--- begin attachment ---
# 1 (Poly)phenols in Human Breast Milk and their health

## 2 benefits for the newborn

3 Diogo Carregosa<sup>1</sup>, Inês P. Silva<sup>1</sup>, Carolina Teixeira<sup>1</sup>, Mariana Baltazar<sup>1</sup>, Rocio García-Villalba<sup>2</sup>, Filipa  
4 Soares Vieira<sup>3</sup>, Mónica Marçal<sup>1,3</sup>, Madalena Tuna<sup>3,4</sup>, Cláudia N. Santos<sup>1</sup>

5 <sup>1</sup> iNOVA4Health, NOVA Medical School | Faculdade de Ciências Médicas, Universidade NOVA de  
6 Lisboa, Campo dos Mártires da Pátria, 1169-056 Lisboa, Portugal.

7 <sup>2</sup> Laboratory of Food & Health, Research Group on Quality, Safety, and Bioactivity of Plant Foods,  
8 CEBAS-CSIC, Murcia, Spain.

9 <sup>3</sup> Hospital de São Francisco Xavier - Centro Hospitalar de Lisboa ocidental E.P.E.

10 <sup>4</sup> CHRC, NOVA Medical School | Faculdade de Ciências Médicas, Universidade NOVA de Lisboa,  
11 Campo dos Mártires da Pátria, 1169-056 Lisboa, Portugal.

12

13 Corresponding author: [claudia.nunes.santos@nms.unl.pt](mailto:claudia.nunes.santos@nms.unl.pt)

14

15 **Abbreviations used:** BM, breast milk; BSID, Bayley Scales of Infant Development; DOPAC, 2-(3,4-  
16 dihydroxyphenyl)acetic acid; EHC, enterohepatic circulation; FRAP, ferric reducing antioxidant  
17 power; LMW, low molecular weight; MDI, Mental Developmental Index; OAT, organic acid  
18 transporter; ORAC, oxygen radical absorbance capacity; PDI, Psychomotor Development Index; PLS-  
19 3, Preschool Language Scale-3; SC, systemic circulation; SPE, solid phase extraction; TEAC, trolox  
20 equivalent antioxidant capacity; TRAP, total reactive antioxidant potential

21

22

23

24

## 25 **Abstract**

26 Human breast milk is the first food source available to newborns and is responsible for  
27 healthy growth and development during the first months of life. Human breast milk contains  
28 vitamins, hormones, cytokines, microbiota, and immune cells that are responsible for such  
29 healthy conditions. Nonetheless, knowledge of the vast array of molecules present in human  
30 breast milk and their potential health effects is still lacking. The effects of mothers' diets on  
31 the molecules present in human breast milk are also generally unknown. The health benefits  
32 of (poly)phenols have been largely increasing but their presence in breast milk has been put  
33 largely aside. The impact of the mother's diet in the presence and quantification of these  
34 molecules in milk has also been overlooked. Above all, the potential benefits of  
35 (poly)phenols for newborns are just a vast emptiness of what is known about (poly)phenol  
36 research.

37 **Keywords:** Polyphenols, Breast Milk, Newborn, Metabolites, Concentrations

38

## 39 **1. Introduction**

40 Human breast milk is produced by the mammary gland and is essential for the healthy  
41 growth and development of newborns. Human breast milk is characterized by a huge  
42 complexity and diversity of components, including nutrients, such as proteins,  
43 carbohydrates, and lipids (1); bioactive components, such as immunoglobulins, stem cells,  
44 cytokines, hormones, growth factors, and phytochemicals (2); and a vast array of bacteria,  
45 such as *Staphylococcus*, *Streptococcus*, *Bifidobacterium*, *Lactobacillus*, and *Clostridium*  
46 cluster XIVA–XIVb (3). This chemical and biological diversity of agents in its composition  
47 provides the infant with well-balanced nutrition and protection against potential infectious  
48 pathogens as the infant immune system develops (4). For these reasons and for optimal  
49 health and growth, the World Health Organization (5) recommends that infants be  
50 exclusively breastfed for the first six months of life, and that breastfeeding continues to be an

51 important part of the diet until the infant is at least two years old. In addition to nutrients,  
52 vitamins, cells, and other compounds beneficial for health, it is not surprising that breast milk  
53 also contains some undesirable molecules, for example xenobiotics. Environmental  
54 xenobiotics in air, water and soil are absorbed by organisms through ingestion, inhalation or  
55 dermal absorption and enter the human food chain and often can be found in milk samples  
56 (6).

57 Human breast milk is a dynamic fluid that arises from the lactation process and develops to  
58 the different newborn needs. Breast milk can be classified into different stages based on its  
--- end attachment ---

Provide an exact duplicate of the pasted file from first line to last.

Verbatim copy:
# 1 (Poly)phenols in Human Breast Milk and their health

## 2 benefits for the newborn

3 Diogo Carregosa<sup>1</sup>, Inês P. Silva<sup>1</sup>, Carolina Teixeira<sup>1</sup>, Mariana Baltazar<sup>1</sup>, Rocio García-Villalba<sup>2</sup>, Filipa  
4 Soares Vieira<sup>3</sup>, Mónica Marçal<sup>1,3</sup>, Madalena Tuna<sup>3,4</sup>, Cláudia N. Santos<sup>1</sup>

5 <sup>1</sup> iNOVA4Health, NOVA Medical School | Faculdade de Ciências Médicas, Universidade NOVA de  
6 Lisboa, Campo dos Mártires da Pátria, 1169-056 Lisboa, Portugal.

7 <sup>2</sup> Laboratory of Food & Health, Research Group on Quality, Safety, and Bioactivity of Plant Foods,  
8 CEBAS-CSIC, Murcia, Spain.

9 <sup>3</sup> Hospital de São Francisco Xavier - Centro Hospitalar de Lisboa ocidental E.P.E.

10 <sup>4</sup> CHRC, NOVA Medical School | Faculdade de Ciências Médicas, Universidade NOVA de Lisboa,  
11 Campo dos Mártires da Pátria, 1169-056 Lisboa, Portugal.

12

13 Corresponding author: [claudia.nunes.santos@nms.unl.pt](mailto:claudia.nunes.santos@nms.unl.pt)

14

15 **Abbreviations used:** BM, breast milk; BSID, Bayley Scales of Infant Development; DOPAC, 2-(3,4-  
16 dihydroxyphenyl)acetic acid; EHC, enterohepatic circulation; FRAP, ferric reducing antioxidant  
17 power; LMW, low molecular weight; MDI, Mental Developmental Index; OAT, organic acid  
18 transporter; ORAC, oxygen radical absorbance capacity; PDI, Psychomotor Development Index; PLS-  
19 3, Preschool Language Scale-3; SC, systemic circulation; SPE, solid phase extraction; TEAC, trolox  
20 equivalent antioxidant capacity; TRAP, total reactive antioxidant potential

21

22

23

24

## 25 **Abstract**

26 Human breast milk is the first food source available to newborns and is responsible for  
27 healthy growth and development during the first months of life. Human breast milk contains  
28 vitamins, hormones, cytokines, microbiota, and immune cells that are responsible for such  
29 healthy conditions. Nonetheless, knowledge of the vast array of molecules present in human  
30 breast milk and their potential health effects is still lacking. The effects of mothers' diets on  
31 the molecules present in human breast milk are also generally unknown. The health benefits  
32 of (poly)phenols have been largely increasing but their presence in breast milk has been put  
33 largely aside. The impact of the mother's diet in the presence and quantification of these  
34 molecules in milk has also been overlooked. Above all, the potential benefits of  
35 (poly)phenols for newborns are just a vast emptiness of what is known about (poly)phenol  
36 research.

37 **Keywords:** Polyphenols, Breast Milk, Newborn, Metabolites, Concentrations

38

## 39 **1. Introduction**

40 Human breast milk is produced by the mammary gland and is essential for the healthy  
41 growth and development of newborns. Human breast milk is characterized by a huge  
42 complexity and diversity of components, including nutrients, such as proteins,  
43 carbohydrates, and lipids (1); bioactive components, such as immunoglobulins, stem cells,  
44 cytokines, hormones, growth factors, and phytochemicals (2); and a vast array of bacteria,  
45 such as *Staphylococcus*, *Streptococcus*, *Bifidobacterium*, *Lactobacillus*, and *Clostridium*  
46 cluster XIVA–XIVb (3). This chemical and biological diversity of agents in its composition  
47 provides the infant with well-balanced nutrition and protection against potential infectious  
48 pathogens as the infant immune system develops (4). For these reasons and for optimal  
49 health and growth, the World Health Organization (5) recommends that infants be  
50 exclusively breastfed for the first six months of life, and that breastfeeding continues to be an

51 important part of the diet until the infant is at least two years old. In addition to nutrients,  
52 vitamins, cells, and other compounds beneficial for health, it is not surprising that breast milk  
53 also contains some undesirable molecules, for example xenobiotics. Environmental  
54 xenobiotics in air, water and soil are absorbed by organisms through ingestion, inhalation or  
55 dermal absorption and enter the human food chain and often can be found in milk samples  
56 (6).

57 Human breast milk is a dynamic fluid that arises from the lactation process and develops to  
58 the different newborn needs. Breast milk can be classified into different stages based on its  